Chefs, companies promise to use sustainable seafood; 'Super Green' list issued
Alton Brown is voting with his taste buds.
He is among more than two dozen chefs -- who also include Suzanne Goin of Lucques, Susan Feniger and Mary Sue Milliken of Border Grill and Rick Moonen of rm seafood in Las Vegas -- from around the country who are pledging today to serve only sustainable seafood and to recruit their colleagues and customers to join them.
Their effort is organized by the Monterey Bay Aquarium, which is releasing a report today on the state of the oceans as well as a "Super Green" list of seafood that is healthy for people and the planet. On the list are some albacore tuna caught in the U.S. or British Columbia, wild-caught salmon from Alaska and pink shrimp from Oregon, among others.
"Every bite you take is like a vote ... a statement of values," says Brown, of Food Network fame. "I value healthy oceans, oceans that have cared well for mankind through the ages. It's high time we took better care of our seas and the bounty they produce."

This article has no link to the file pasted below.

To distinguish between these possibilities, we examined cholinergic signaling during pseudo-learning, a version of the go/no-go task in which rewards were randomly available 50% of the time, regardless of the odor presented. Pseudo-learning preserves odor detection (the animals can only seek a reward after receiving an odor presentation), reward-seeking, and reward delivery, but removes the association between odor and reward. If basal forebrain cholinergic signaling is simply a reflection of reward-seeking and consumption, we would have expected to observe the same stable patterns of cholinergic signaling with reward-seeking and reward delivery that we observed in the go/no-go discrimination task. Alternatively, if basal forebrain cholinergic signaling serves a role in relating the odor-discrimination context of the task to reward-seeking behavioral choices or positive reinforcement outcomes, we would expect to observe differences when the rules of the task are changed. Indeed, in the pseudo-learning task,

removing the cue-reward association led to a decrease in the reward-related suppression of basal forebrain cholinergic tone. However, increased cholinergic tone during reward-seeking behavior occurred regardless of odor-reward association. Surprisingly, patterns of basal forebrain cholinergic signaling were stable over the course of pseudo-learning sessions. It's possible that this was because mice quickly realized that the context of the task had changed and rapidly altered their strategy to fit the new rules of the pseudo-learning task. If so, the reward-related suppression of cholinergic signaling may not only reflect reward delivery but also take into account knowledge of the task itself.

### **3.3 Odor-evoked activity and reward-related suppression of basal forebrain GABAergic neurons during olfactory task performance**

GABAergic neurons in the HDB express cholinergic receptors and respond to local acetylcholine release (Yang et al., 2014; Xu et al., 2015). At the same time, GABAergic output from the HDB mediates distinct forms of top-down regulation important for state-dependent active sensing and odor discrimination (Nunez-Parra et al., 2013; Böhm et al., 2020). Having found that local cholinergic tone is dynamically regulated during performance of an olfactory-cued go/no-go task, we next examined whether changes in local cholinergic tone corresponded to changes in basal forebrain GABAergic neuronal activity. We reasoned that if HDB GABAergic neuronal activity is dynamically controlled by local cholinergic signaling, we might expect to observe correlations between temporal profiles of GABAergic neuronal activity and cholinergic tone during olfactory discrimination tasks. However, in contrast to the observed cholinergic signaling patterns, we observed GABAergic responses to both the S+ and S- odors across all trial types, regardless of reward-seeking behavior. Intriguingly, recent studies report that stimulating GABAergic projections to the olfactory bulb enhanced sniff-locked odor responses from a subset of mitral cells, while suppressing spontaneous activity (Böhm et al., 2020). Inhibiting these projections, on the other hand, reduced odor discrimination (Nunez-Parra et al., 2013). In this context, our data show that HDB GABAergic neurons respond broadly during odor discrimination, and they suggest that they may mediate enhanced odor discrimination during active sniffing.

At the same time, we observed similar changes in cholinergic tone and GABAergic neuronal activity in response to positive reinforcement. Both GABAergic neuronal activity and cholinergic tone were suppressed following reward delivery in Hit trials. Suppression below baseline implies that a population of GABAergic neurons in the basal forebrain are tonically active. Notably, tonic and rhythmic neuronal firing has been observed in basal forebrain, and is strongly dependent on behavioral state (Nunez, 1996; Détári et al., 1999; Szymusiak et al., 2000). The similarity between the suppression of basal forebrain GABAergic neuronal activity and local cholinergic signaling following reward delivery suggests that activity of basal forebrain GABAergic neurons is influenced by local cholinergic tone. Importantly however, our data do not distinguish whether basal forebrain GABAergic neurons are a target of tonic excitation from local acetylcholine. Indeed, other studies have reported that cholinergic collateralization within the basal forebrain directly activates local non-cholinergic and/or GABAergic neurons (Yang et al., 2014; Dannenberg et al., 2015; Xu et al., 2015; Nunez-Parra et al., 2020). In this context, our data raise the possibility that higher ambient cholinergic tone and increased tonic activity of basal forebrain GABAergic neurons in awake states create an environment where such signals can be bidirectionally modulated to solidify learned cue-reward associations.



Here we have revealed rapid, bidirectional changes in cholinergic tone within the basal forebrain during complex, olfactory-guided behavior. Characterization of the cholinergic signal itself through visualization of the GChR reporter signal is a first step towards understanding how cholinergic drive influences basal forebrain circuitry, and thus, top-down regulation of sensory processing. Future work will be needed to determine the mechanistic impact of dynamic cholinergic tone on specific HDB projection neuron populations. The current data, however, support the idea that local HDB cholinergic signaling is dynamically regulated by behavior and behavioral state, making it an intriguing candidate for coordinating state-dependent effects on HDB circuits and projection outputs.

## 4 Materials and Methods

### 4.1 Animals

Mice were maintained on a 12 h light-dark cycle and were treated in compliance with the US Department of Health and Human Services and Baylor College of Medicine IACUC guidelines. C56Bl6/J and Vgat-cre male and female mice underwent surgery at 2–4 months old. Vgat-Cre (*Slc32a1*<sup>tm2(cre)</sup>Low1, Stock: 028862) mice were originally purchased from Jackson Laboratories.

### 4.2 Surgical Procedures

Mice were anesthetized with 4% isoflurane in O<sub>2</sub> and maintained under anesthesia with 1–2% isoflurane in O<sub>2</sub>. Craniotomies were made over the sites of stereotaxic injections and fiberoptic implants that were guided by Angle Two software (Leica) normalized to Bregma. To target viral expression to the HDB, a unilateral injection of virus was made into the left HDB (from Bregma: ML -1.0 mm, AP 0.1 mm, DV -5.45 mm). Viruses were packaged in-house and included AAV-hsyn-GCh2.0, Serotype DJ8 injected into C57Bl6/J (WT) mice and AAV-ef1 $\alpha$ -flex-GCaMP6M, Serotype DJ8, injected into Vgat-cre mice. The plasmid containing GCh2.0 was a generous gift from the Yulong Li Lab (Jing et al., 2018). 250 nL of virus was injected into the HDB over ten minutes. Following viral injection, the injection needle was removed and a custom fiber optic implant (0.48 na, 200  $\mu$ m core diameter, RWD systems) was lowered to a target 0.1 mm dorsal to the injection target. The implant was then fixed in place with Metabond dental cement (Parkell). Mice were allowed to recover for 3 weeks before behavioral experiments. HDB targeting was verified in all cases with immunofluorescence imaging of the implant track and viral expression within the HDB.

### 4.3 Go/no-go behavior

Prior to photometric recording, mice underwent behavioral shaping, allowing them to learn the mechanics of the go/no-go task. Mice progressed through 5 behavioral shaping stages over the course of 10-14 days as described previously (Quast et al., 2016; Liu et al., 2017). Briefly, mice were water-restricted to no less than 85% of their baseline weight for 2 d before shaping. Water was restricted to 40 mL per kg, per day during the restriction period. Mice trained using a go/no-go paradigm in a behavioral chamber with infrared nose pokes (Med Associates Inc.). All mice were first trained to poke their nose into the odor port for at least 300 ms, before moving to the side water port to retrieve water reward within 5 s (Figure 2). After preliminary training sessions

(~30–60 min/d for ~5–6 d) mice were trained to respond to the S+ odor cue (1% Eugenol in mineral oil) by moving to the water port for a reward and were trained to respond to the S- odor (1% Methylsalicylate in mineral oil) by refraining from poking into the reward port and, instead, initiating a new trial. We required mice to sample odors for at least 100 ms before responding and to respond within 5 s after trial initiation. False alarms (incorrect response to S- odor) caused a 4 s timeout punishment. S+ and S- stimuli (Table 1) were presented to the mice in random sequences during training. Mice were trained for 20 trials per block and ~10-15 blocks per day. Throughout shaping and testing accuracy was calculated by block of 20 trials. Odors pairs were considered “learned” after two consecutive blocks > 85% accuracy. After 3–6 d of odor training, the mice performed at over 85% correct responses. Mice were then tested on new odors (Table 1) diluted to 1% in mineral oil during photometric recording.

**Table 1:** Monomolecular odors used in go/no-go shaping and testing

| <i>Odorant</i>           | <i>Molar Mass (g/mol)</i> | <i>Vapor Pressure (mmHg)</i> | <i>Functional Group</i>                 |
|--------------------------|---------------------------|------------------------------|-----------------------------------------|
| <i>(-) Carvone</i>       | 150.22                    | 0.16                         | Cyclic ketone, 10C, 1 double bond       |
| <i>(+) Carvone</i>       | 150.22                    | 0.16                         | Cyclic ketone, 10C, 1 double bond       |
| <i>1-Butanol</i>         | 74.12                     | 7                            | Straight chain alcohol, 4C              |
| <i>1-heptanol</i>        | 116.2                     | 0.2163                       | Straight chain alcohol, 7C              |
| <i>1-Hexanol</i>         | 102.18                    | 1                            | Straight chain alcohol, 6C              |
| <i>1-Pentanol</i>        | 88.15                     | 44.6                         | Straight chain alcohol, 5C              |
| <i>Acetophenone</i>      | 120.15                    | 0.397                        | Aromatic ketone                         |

The chefs are committing not to serve fish from the aquarium's "avoid" list -- rated by scientists as destructive to the oceans.
Other chefs include Rick Bayless of Topolobampo in Chicago, Susan Spicer of Bayona in New Orleans, and Michel Nischan of the Dressing Room in Westport, Conn. In addition to the chefs, the aquarium noted that food companies are also making changes. Compass Group and Aramark, the two largest food services companies in North America, have partnered with the aquarium to shift to sustainable seafood sources. The report cites the efforts of other companies, including a commitment Wal-Mart made in 2006 to, within five years, source all its wild-caught seafood from fisheries certified by the Marine Stewardship Council, which was established by the World Wildlife Fund and Unilever.
The aquarium's report says that prospects for the oceans are improving with a growing consensus to manage wild and farm fishing. But it also sets out significant problems that remain for the oceans and cites the human demand for seafood as the primary factor in the oceans' decline.
The report says that the world seafood supply was 110 million tons in 2006 -- eight times what it was in 1950, with Asia accounting for more than half the global catch. And in the next year, it says, people will eat more farmed seafood than wild for the first time.
This year is the 25th anniversary of the aquarium and the 10th anniversary of its Seafood Watch program, which advised people on what fish to buy and to avoid for their health and that of the oceans. The aquarium says it has distributed 32 million Seafood Watch pocket brochures.
-- Mary MacVean
Photo: Monterey Bay Aquarium